The question is: What is it that I was doing which made it easy, and how were our approaches different? If I go to the difficult passages, I would say that I did not so much memorize a series of intervals, as to understand the structure and sense of the passage.

In a very similar fashion, I understood the repertoire as a whole. It made sense to me. There was movement from point A to point B, certain modulations and patterns that made formal and musical sense. In that sense I do not memorize chains or sequences of things. It is not quite a co-creation with the composer, but in some ways it is. You know you have an ABA pattern, that it wants to move up to the dominant over there, that this and that theme repeats itself and does various acrobatics - itself but in disguise. In playing or singing you are moving from point to point, the music "unfolds". You might have to memorize this melismatic section over here, and that strange run over there, but even those things are hovering or dancing around predictable patterns.

In one case you have committing a sequence of notes to memory without understanding or vision of any patterns. My impression was "utter meaningless", "no sense of direction" when I tried to work that way. If there is a counterpart to piano, where someone may be memorizing chains of notes, or not analyzing the music as music first, then maybe that contrasting view of two approaches can give perspective.

I know that choir is not piano, but I do also play piano. The process is the same. In some ways it's easier, because the more modern music is structured in chord progressions and then the patterns become ultra-visible.

In the course of my time at PW I have noticed that at least some teachers include analysis of the music as one of their prelimary steps. I have read that students doing such analysis already have memorized the music to some degree, though they may not be conscious of it. My experience would be in line with that.

I offered up the first choir, because this choir was actually experiencing music in a much different manner than I knew. They memorized words, and then associated melody to the words. That is a mode of learning or a mode of perception by association, and knowing that various modes of this kind exist could be a valuable tool. Can we change these modes or approach things from various angles?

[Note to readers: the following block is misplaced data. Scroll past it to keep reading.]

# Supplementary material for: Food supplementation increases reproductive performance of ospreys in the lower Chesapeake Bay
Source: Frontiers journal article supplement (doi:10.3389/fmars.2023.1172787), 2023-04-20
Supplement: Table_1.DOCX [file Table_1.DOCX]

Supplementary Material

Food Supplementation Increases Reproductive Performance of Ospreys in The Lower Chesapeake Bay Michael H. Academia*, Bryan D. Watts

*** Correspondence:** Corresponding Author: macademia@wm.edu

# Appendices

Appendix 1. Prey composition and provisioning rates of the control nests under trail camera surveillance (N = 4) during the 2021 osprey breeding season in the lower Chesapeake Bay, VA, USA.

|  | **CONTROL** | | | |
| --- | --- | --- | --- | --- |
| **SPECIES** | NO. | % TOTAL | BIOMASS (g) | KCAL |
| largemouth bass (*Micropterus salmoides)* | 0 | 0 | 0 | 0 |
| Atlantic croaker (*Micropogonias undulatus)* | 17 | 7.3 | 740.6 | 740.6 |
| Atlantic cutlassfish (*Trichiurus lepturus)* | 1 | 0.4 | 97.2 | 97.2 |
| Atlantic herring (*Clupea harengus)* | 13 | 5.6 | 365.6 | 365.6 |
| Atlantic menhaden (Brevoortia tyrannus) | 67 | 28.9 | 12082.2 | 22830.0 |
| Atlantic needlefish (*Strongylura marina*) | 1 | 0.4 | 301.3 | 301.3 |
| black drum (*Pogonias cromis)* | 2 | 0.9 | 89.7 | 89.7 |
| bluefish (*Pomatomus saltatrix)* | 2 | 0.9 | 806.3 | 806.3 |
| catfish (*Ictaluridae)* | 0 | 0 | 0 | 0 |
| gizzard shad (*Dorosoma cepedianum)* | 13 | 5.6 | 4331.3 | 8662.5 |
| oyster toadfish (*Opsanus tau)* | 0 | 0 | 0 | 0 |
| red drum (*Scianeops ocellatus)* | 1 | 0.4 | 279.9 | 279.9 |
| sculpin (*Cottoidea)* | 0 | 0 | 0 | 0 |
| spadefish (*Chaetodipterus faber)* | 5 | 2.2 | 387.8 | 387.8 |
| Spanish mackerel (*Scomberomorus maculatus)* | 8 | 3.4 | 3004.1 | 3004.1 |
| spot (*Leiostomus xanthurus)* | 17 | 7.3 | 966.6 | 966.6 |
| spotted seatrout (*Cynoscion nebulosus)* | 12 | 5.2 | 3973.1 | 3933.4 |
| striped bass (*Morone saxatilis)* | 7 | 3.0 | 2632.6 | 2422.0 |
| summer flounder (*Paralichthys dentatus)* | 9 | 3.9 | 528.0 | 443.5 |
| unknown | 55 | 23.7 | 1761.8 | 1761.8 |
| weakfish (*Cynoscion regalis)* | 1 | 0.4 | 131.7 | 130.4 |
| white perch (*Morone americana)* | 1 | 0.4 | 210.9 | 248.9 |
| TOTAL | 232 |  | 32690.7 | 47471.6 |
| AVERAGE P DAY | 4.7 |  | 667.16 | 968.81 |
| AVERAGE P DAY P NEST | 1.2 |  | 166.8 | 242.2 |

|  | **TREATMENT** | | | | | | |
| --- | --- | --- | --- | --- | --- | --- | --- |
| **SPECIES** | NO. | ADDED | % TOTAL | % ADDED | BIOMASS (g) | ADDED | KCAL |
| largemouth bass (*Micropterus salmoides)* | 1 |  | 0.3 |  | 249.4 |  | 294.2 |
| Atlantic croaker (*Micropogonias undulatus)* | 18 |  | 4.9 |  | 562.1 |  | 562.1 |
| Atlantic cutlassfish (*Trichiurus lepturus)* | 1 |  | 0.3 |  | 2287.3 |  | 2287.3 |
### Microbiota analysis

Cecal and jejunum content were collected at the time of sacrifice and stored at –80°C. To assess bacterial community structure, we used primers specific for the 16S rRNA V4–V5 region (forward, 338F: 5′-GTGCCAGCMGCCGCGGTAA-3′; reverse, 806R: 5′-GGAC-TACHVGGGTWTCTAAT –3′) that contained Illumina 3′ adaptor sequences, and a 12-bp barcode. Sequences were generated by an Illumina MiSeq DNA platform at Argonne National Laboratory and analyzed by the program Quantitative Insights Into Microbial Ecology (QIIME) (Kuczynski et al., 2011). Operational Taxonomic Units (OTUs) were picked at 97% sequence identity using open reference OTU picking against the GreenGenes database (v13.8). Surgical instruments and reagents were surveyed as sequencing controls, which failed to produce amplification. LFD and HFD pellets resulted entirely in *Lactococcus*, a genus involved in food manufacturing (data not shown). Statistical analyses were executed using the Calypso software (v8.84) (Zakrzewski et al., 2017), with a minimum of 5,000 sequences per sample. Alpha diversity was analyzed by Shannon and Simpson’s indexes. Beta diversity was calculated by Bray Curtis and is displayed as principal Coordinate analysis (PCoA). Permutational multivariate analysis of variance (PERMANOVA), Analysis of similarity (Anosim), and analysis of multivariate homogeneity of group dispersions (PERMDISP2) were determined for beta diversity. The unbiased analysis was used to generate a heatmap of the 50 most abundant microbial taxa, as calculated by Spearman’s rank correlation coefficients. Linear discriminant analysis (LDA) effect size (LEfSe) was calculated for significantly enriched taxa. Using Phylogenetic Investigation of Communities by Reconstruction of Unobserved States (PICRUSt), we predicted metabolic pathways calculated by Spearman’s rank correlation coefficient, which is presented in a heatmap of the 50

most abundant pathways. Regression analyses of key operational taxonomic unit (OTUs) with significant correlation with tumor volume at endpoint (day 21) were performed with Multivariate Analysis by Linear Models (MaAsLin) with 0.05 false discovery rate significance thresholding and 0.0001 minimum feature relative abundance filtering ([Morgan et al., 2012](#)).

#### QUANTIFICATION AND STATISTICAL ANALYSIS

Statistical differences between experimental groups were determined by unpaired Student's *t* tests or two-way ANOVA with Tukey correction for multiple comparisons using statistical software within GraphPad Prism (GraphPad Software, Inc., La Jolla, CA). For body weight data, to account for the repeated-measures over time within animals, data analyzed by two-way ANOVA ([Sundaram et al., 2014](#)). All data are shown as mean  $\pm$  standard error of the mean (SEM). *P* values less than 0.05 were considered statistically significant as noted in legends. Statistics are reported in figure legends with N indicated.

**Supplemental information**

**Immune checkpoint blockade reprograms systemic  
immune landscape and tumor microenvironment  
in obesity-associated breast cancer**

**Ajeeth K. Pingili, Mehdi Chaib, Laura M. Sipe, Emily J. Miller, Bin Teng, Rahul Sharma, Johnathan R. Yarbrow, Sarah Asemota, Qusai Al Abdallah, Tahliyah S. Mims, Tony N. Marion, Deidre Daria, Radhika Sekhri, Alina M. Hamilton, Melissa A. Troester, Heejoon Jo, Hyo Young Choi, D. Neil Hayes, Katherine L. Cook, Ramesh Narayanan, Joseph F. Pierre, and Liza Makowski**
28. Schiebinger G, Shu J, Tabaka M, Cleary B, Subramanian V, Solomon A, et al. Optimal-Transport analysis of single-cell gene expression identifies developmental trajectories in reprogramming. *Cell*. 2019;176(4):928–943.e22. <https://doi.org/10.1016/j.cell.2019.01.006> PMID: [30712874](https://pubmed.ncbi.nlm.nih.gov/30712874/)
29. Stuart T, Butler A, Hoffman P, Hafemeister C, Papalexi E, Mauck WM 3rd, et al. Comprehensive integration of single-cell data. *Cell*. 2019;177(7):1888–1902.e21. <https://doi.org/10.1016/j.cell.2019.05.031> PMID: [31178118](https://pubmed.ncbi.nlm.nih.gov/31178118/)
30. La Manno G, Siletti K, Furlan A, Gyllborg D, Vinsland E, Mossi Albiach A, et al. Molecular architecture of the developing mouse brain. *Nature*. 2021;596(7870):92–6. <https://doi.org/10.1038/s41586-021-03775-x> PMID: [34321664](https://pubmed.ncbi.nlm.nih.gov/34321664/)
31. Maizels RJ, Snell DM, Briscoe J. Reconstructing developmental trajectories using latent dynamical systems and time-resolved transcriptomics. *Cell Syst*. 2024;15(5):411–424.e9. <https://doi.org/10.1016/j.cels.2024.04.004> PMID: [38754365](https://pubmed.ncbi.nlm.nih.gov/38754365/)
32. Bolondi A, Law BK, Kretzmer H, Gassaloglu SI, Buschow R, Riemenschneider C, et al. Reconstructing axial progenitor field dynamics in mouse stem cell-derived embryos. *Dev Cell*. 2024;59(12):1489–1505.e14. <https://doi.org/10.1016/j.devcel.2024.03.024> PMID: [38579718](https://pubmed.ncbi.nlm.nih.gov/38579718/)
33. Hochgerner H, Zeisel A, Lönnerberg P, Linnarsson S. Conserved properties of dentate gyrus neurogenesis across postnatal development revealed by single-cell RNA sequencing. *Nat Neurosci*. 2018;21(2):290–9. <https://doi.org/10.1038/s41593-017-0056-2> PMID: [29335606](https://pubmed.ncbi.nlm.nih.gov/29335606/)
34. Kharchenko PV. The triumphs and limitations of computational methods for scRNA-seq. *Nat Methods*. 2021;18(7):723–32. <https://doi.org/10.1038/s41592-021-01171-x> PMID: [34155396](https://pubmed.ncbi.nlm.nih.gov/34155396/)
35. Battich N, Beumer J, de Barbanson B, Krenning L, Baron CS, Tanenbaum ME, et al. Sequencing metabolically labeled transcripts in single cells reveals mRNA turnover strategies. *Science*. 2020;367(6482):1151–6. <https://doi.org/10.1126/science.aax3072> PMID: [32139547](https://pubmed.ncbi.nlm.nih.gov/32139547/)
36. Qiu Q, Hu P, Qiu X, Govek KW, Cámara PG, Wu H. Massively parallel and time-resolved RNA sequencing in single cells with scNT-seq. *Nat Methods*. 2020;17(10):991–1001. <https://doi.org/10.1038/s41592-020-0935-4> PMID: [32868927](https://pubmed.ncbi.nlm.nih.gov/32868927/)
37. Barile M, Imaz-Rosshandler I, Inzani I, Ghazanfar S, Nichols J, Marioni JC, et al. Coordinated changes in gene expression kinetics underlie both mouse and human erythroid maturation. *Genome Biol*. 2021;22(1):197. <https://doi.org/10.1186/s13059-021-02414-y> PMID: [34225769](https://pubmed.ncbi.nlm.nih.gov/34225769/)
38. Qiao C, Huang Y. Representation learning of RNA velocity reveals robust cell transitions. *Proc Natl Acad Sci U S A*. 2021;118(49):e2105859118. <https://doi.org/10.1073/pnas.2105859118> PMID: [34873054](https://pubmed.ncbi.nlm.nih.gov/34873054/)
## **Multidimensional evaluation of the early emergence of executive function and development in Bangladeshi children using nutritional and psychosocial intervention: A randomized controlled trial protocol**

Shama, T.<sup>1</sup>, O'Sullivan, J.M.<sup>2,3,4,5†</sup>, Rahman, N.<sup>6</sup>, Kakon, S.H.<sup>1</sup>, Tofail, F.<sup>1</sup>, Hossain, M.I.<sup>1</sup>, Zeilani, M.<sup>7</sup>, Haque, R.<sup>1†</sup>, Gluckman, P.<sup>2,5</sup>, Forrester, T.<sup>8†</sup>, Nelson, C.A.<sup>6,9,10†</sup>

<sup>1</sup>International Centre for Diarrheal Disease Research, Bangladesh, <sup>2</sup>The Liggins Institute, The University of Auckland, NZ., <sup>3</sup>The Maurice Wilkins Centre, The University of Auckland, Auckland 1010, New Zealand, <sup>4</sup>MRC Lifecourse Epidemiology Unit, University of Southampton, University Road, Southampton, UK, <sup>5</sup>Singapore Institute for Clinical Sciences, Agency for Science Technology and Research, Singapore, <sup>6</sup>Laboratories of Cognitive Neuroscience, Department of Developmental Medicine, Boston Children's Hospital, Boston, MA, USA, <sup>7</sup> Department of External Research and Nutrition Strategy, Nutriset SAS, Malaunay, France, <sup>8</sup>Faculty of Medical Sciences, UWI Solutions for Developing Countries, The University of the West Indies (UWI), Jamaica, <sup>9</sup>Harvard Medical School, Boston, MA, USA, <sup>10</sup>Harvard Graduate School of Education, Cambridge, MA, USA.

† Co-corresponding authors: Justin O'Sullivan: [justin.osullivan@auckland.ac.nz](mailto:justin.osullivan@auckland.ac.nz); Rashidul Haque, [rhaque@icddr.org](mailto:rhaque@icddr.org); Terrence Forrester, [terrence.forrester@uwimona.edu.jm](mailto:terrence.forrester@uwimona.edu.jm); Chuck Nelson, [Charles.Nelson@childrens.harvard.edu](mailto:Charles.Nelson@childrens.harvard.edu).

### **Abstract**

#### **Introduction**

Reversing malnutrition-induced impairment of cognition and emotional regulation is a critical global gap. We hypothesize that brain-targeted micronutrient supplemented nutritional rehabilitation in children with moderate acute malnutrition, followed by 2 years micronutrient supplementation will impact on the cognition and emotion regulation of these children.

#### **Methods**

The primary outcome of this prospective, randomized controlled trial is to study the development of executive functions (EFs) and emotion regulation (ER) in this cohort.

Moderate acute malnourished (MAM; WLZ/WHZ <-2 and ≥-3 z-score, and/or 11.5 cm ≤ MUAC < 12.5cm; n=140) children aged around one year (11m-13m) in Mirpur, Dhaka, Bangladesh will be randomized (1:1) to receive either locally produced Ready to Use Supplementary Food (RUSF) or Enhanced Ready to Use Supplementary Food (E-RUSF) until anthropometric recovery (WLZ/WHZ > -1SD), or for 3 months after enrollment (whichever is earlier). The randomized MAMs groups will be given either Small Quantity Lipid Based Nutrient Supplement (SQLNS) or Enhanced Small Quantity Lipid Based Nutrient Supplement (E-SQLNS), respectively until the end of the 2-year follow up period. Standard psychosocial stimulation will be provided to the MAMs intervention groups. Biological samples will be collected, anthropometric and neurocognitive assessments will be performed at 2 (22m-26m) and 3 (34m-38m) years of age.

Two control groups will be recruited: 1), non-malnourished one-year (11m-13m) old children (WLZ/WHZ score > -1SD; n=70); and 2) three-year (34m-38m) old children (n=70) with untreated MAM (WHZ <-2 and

Either these observations are helpful to someone, or they are not. I had enough of sense that they might be that I dared to write them down, though I must admit that the poetry of the Lost Lagoon was mostly self-indulgent whimsy.

#930504 - 08/05/08 11:49 AM Re: Memorization  
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Quote
Originally posted by keyboardklutz:
I can't help it if words mean what you want them to mean. [/QB]
Communication is tricky, so you are right. Having recently studied communications in some business courses I have taken, I can appreciate what you are saying.

All it means is that we need to practice. I use this forum as a means to sharpen my communication (the spelling mistakes in my last post seem to negate this statement).

Give it a shot KBK.


Music is the surest path to excellence

Jeremy BA, ARCT, RMT
Pianoexcellence Tuning and Repairs
#930505 - 08/05/08 11:59 AM Re: Memorization  
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How about a shot over the bow? Piano mastery is a received tradition, even secret, as the essence can't be put in words. I'm sorry if you don't see the miracle of its transmission (what teachers do).


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#930506 - 08/05/08 01:15 PM Re: Memorization  
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I have been taught that one must know where to direct one's attention. I believe that is pertinent to this thread.